She added, “I didn’t have much to say [regarding her experiences]. I think it was more for me to send out confidence to them. I maybe wasn’t as nervous as the others when the season got towards the end. Sometimes it’s taboo to talk about winning the league but in a relaxed way I could talk about it.”

But as quickly as talk of Piteå winning the title began to spread about women’s football in Sweden, soon came the fall.

After seven wins in a row, the club lost its next three, 1–0 at home to Rosengård, 2–1 away at Kristianstad DFF, and a surprising 4–1 defeat at home to Vittsjö GIK, despite Karlenäs giving them an early lead.

“Before we lost those three games we started to work on some different ideas,” admitted Carlsson. “I didn’t think we were playing well, even though we were winning, but we analyzed that if we kept doing this we wouldn’t win the title.

“We started a development of our attacking game and passing game and maybe that’s why we were losing those games, because we were trying new things. We believed we had to do better in the second part of the season. Match to match we were the team with the lowest passes, we were 250 passes on average behind Rosengård.”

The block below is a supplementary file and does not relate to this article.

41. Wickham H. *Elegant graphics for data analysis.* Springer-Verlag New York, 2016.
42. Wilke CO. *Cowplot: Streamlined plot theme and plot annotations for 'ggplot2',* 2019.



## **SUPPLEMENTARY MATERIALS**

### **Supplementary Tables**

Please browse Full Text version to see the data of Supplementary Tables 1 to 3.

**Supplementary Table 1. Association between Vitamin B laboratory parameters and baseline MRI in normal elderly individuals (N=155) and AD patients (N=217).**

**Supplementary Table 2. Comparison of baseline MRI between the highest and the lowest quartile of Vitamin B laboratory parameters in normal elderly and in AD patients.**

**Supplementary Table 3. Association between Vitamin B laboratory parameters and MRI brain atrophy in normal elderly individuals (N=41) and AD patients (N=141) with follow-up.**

Had the manager’s tinkering derailed what promised to be a fairy tale campaign? Piteå got back on train with a narrow victory heading into a month-long summer break, which would restart with an almost pivotal match at home to Göteborg.

“It wasn’t easy, whenever we lost a game it was so painful,” admitted Ikidi. “We have a winning mentality in us, we always strive to win, that’s what kept us going.

“The encouragement from the coaches was good. When you lose, you feel you played badly, but when we watched the games back we realized we didn’t.”

 

Ikidi wasn’t the only one feeling as if things weren’t as bad as they seemed come the end of June.

“It was quite hard,” recalled Karlenäs. “But we felt in the games we lost we played well. We won seven games in a row and maybe didn’t perform as well as in the games we lost, so it wasn’t that we were down and playing badly. It’s hard to explain, but I didn’t doubt that we were going to win again.

“We had that mentality. I felt like we decided as a team we had to win again, we had to get our shit together, we decided we would win again.”

A 2–0 win away at LB 07 after the break put Piteå back on track ahead of what would prove to be a watershed moment in their season as challengers Göteborg came to town.

 

This is the first part of an exclusive behind-the-scenes look at what went into the season for 2018 Damallsvenskan champions Piteå IF. The second part continues the story as the title race goes down to the wire.